Kentucky Wesleyan Students Serve Again at Give Kids The World

This article first appeared in the Owensboro Messenger Inquirer on Jan. 8, 2017. 

By Bobbie Hayse Messenger-Inquirer

For some, serving the less fortunate puts things into perspective

After a New Year’s Eve party in Kissimmee, Florida, that Kentucky Wesleyan College students have hosted for the past three years, Matt Ruark watched parents filming their sick child, who was dancing alone on the floor with some glow sticks, at the Give Kids The World resort.


Photo by Alan Warren, Messenger-Inquirer/awarren@messenger-inquirer.com From left, Kentucky Wesleyan College's Matt Ruark, associate director of admissions, students David Leiz, Morgan Montgomery, and Becca McQueen, associate dean of students, talk about the KWC sophomore service trip to Give Kids the World Village in Kissimmee, Florida over the winter break.
Photo by Alan Warren, [email protected]
From left, Kentucky Wesleyan College’s Matt Ruark, associate director of admissions, students David Leiz, Morgan Montgomery, and Becca McQueen, associate dean of students, talk about the KWC sophomore service trip to Give Kids the World Village in Kissimmee, Florida over the winter break.

Ruark, the associate director of admissions at KWC, was chaperoning at the 79-acre, nonprofit resort with 12 KWC students and another administrator as part of the college’s Sophomore Experience service program that incorporates volunteering and giving back.

He said that moment on New Year’s Eve was special to him because he knew the parents were creating a lasting memory they would cherish for the rest of their lives.

And that’s the kind of place Give Kids The World is, said Sylvia Oliande, the organization’s public relations manager.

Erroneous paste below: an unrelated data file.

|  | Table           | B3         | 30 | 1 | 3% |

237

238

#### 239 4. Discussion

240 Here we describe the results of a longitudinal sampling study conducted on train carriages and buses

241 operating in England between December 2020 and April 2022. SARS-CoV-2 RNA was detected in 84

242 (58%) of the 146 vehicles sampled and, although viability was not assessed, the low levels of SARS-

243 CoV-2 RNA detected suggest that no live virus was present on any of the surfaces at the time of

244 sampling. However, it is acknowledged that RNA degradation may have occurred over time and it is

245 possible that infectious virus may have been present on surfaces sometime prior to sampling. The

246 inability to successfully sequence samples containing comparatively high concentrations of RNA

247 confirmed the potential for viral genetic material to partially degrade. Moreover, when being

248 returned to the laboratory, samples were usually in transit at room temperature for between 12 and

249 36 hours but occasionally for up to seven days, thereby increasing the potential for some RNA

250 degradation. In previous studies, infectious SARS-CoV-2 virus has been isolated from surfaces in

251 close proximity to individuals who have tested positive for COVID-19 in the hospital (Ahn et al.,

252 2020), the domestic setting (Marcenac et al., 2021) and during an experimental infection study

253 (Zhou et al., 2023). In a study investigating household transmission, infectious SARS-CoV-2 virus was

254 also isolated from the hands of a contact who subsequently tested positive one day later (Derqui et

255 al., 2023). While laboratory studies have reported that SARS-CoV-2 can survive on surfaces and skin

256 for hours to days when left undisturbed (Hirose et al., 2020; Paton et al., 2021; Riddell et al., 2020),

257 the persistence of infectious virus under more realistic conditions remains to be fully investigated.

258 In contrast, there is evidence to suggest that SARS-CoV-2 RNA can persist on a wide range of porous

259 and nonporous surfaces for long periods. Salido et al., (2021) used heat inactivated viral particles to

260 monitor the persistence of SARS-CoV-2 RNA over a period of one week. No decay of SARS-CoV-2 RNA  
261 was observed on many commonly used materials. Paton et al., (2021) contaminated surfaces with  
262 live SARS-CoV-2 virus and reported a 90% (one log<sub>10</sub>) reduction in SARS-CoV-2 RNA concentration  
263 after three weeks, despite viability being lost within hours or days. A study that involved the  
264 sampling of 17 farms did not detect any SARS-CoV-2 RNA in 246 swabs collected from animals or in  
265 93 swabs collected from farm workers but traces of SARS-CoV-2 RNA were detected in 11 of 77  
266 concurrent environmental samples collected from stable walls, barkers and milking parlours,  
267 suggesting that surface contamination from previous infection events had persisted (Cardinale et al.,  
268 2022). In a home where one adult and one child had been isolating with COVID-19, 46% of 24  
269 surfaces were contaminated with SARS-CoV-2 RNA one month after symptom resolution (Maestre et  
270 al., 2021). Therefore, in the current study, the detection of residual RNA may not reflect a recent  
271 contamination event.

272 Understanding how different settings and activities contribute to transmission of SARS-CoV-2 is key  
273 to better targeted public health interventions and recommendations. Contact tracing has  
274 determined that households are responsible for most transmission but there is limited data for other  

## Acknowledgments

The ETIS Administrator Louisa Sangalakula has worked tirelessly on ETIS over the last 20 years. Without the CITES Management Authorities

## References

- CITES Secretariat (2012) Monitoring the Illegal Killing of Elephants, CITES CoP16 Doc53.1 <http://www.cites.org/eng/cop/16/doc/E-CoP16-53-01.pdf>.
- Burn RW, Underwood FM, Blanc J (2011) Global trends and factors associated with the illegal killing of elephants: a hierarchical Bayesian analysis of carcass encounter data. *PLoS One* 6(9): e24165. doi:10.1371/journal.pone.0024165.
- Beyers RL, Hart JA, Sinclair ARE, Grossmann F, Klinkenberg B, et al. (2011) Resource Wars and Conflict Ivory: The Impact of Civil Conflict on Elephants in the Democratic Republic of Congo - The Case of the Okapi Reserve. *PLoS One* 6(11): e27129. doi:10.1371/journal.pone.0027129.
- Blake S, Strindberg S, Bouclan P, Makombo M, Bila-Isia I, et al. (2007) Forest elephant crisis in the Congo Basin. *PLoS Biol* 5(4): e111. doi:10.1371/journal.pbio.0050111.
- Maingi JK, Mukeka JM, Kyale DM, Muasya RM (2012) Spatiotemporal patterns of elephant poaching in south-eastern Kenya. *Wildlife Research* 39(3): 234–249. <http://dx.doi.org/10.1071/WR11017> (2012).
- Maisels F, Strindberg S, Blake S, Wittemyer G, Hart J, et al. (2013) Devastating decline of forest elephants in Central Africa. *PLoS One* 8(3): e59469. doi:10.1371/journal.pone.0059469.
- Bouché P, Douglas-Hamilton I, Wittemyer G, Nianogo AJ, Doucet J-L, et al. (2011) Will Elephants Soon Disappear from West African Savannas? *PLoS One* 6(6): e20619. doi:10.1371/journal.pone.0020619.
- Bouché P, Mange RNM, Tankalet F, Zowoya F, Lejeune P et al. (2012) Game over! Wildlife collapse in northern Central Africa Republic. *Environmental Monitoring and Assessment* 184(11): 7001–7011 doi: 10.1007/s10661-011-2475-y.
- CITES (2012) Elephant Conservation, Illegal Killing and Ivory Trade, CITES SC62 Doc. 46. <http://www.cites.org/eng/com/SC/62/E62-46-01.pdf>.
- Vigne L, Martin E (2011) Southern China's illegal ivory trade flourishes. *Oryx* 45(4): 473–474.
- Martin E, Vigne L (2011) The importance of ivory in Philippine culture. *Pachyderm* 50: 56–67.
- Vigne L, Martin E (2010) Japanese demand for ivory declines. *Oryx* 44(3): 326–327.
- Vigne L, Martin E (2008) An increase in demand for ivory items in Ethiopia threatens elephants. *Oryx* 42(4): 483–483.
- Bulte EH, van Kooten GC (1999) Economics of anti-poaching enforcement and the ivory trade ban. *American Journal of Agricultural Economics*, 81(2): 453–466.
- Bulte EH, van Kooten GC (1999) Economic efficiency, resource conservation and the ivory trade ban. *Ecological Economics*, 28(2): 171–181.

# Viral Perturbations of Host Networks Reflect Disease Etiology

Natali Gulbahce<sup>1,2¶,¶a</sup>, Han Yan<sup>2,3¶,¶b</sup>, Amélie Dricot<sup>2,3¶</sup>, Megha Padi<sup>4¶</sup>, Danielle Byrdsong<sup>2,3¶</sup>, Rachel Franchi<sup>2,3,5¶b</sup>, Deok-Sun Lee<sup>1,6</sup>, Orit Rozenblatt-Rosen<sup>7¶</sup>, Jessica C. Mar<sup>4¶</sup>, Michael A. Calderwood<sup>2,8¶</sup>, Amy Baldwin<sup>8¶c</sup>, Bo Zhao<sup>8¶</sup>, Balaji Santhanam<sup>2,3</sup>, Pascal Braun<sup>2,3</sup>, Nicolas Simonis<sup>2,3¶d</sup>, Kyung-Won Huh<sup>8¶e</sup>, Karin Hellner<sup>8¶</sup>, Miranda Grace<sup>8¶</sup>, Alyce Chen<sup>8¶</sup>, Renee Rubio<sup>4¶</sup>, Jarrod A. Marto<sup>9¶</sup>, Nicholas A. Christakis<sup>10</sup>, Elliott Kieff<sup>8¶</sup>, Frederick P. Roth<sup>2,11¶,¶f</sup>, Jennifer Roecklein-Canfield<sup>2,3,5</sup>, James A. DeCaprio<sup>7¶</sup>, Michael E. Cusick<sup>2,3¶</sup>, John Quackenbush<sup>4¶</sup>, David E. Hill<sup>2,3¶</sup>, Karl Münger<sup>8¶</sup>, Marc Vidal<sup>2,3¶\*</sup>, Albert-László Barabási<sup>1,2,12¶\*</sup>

Give Kids The World began in central Florida in 1986 as a way to collaborate with wish-granting organizations to provide week-long, cost-free vacations for children with life-threatening illnesses, as well as their families, Oliande said.

When children are eligible for wish-granting organizations, they are eligible for GKTW, she said.

The Village and resort campus is a place to stay, eat, and play for a week. Some children travel to Disney World via a wish-granting organization, and in those instances, GKTW provides transportation to and from the airport, as well as any of the theme parks in the vicinity.

Oliande said that GKTW serves about 8,000 families a year, and since its inception, has helped 150,000.

“We rely very heavily on volunteers to help us provide that magic for them during their stay,” she said.

Photo by Alan Warren, Messenger-Inquirer/awarren@messenger-inquirer.com Kentucky Wesleyan College student David Leiz talks about his experience at the KWC sophomore service trip to Give Kids the World Village in Kissimmee, Florida over the winter break.
Photo by Alan Warren, [email protected]
Kentucky Wesleyan College student David Leiz talks about his experience at the KWC sophomore service trip to Give Kids the World Village in Kissimmee, Florida over the winter break.

There are about 1,600 volunteer shifts to fill on a weekly basis, and that is what the Kentucky Wesleyan students were doing from Dec. 29 – Jan. 2.